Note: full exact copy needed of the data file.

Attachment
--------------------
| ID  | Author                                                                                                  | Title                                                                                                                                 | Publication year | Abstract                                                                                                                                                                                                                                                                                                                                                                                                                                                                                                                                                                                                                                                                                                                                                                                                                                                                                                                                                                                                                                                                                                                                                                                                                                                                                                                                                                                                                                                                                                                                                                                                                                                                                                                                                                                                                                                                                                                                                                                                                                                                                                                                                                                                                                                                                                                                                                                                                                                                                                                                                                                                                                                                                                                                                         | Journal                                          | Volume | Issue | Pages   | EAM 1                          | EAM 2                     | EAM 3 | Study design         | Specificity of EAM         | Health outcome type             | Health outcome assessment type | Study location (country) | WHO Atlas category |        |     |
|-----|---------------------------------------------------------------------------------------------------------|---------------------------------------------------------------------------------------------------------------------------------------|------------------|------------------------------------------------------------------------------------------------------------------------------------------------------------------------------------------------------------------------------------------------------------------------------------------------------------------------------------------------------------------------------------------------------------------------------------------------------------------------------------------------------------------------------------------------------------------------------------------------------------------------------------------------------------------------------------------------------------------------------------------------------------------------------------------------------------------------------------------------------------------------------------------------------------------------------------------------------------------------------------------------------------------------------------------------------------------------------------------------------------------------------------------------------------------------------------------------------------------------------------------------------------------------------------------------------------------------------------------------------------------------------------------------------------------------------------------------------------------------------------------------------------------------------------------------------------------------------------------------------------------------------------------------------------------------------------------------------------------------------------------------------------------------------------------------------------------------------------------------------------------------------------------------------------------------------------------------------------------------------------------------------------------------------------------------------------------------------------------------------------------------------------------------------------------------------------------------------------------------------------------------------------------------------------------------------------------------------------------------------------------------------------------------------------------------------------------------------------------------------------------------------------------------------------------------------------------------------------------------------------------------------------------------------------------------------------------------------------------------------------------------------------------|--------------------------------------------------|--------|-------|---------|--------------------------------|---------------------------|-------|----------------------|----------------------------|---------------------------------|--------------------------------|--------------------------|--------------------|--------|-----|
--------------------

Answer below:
| ID  | Author                                                                                                  | Title                                                                                                                                 | Publication year | Abstract                                                                                                                                                                                                                                                                                                                                                                                                                                                                                                                                                                                                                                                                                                                                                                                                                                                                                                                                                                                                                                                                                                                                                                                                                                                                                                                                                                                                                                                                                                                                                                                                                                                                                                                                                                                                                                                                                                                                                                                                                                                                                                                                                                                                                                                                                                                                                                                                                                                                                                                                                                                                                                                                                                                                                         | Journal                                          | Volume | Issue | Pages   | EAM 1                          | EAM 2                     | EAM 3 | Study design         | Specificity of EAM         | Health outcome type             | Health outcome assessment type | Study location (country) | WHO Atlas category |        |     |
|-----|---------------------------------------------------------------------------------------------------------|---------------------------------------------------------------------------------------------------------------------------------------|------------------|------------------------------------------------------------------------------------------------------------------------------------------------------------------------------------------------------------------------------------------------------------------------------------------------------------------------------------------------------------------------------------------------------------------------------------------------------------------------------------------------------------------------------------------------------------------------------------------------------------------------------------------------------------------------------------------------------------------------------------------------------------------------------------------------------------------------------------------------------------------------------------------------------------------------------------------------------------------------------------------------------------------------------------------------------------------------------------------------------------------------------------------------------------------------------------------------------------------------------------------------------------------------------------------------------------------------------------------------------------------------------------------------------------------------------------------------------------------------------------------------------------------------------------------------------------------------------------------------------------------------------------------------------------------------------------------------------------------------------------------------------------------------------------------------------------------------------------------------------------------------------------------------------------------------------------------------------------------------------------------------------------------------------------------------------------------------------------------------------------------------------------------------------------------------------------------------------------------------------------------------------------------------------------------------------------------------------------------------------------------------------------------------------------------------------------------------------------------------------------------------------------------------------------------------------------------------------------------------------------------------------------------------------------------------------------------------------------------------------------------------------------------|--------------------------------------------------|--------|-------|---------|--------------------------------|---------------------------|-------|----------------------|----------------------------|---------------------------------|--------------------------------|--------------------------|--------------------|--------|-----|